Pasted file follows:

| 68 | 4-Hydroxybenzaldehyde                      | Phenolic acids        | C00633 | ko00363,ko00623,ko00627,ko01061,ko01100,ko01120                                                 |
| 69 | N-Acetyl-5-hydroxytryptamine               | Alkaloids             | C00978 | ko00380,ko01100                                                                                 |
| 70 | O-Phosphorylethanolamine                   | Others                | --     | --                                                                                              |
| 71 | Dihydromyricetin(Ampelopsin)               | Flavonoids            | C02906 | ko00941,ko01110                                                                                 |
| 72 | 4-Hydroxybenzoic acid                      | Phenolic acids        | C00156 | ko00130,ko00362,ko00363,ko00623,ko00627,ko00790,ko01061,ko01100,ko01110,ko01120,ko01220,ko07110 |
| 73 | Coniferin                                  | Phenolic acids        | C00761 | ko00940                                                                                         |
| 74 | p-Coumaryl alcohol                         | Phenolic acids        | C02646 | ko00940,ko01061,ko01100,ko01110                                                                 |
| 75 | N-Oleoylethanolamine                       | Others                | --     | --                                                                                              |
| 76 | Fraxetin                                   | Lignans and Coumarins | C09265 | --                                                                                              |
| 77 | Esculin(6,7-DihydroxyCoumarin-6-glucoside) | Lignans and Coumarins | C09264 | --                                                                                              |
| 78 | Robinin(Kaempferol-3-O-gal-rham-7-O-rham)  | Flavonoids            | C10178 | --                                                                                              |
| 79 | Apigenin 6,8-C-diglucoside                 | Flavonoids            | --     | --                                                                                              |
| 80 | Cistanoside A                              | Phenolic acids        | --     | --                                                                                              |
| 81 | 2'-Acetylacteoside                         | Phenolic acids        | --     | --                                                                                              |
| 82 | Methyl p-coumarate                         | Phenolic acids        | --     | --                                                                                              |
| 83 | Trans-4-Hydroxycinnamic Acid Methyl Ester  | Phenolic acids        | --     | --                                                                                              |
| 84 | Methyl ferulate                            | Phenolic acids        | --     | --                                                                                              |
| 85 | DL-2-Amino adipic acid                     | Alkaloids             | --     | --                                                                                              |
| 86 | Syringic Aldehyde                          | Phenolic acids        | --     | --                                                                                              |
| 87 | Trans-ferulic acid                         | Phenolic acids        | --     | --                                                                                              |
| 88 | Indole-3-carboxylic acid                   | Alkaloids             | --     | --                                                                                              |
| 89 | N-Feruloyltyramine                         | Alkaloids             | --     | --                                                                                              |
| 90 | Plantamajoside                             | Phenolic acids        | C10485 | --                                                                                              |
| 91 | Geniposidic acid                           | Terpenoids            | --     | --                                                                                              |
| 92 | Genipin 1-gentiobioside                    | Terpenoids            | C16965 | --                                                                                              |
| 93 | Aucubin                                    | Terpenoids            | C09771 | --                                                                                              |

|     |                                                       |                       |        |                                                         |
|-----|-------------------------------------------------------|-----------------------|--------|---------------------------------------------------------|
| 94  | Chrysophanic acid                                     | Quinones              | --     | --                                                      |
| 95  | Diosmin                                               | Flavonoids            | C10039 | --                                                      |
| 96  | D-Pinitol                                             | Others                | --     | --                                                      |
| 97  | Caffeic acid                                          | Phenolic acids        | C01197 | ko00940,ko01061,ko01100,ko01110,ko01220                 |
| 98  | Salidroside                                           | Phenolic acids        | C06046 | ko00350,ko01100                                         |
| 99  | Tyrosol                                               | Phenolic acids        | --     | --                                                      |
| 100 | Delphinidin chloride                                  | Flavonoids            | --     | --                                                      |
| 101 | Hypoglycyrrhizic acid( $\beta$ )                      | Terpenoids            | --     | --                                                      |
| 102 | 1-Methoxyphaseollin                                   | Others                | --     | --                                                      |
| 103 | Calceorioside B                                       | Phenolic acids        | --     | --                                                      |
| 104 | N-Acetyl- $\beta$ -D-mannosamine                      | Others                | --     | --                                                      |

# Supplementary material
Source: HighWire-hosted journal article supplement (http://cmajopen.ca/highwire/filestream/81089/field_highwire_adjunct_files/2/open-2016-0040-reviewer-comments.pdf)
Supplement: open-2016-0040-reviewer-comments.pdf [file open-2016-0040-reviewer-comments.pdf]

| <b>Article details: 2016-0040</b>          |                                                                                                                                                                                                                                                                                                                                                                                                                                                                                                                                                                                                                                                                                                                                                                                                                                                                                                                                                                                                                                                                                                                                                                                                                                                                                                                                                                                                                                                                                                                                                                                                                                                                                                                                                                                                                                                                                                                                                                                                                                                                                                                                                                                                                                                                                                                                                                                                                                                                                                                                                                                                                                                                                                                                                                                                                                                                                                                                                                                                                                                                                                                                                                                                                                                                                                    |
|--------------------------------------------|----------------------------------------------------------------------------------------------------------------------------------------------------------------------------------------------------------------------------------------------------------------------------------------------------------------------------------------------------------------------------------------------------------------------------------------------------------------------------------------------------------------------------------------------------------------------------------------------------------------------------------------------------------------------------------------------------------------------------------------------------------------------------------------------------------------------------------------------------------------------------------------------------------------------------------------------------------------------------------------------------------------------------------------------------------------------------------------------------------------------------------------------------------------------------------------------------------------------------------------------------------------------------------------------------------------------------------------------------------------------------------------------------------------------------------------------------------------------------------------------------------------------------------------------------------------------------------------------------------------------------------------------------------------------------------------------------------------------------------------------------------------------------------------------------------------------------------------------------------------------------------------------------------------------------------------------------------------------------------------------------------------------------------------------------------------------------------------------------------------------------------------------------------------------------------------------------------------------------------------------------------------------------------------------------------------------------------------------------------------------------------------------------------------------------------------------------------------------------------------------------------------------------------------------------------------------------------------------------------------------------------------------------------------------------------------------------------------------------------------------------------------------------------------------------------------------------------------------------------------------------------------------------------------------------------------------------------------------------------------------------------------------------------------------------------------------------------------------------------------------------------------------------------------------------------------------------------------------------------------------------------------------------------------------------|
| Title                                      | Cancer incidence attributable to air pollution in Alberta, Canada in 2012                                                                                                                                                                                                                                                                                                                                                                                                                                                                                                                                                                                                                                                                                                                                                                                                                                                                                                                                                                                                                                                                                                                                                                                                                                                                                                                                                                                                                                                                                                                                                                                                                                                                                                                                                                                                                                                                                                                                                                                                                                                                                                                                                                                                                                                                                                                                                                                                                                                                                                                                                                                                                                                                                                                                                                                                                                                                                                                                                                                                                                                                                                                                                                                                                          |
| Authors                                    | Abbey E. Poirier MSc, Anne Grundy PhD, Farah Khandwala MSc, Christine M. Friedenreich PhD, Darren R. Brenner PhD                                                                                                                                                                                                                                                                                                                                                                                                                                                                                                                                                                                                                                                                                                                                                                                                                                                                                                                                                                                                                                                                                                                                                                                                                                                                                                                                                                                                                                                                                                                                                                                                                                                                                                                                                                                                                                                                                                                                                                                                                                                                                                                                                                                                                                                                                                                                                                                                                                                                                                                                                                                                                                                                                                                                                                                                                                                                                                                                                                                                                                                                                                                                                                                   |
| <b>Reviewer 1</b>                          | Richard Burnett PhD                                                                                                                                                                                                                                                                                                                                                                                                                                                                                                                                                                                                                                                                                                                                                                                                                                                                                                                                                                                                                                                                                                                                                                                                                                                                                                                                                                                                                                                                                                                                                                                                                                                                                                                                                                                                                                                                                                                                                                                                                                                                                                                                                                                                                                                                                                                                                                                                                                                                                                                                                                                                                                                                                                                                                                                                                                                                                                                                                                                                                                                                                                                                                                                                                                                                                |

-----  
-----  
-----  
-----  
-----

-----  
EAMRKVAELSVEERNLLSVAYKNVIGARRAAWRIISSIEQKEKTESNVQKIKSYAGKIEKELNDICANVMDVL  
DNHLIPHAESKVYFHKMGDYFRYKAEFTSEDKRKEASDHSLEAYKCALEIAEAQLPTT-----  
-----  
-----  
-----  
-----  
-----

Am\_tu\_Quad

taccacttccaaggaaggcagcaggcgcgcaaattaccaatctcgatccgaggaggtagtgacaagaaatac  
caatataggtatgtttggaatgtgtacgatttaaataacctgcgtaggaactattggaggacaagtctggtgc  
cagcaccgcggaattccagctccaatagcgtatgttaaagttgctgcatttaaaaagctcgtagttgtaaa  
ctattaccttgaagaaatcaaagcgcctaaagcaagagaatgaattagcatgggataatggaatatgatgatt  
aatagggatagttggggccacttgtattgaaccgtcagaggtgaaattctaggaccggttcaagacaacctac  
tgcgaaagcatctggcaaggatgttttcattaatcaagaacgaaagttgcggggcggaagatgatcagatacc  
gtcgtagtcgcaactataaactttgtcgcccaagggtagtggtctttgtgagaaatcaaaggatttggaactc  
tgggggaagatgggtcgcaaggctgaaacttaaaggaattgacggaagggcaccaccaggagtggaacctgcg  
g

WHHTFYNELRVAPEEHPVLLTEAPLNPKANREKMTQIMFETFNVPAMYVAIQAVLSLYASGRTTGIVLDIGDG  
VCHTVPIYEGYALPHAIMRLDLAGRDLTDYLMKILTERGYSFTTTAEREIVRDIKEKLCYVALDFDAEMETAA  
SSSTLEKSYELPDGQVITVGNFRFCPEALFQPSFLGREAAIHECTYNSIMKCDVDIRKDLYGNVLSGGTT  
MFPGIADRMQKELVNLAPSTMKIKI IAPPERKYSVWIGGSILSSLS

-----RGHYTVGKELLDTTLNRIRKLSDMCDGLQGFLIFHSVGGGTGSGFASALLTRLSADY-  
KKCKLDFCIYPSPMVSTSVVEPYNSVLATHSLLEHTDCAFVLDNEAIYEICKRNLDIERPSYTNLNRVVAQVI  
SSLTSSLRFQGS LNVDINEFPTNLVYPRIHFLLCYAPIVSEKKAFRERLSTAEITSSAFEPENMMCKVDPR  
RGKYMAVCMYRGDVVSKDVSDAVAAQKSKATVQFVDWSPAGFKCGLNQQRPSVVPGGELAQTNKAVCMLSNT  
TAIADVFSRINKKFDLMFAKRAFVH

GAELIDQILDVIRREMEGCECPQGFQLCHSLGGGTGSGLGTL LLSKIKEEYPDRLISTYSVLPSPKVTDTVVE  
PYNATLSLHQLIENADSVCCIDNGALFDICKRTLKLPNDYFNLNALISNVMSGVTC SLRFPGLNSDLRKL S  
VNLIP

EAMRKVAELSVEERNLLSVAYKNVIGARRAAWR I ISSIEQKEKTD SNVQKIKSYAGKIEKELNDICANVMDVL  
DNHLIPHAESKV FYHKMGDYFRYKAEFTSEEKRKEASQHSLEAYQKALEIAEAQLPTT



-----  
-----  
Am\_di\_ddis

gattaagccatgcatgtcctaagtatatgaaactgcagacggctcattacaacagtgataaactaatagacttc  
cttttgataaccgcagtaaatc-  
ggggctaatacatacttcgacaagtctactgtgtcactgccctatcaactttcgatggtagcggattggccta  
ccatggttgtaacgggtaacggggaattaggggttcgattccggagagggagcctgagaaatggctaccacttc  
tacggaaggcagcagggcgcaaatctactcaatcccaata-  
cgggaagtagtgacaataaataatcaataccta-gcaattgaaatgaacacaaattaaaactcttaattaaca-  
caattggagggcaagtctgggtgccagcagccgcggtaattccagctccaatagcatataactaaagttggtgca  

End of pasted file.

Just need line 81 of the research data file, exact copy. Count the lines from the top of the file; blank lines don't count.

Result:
PYNATLSLHQLIENADSVCCIDNGALFDICKRTLKLPNDYFNLNALISNVMSGVTC SLRFPGLNSDLRKL S  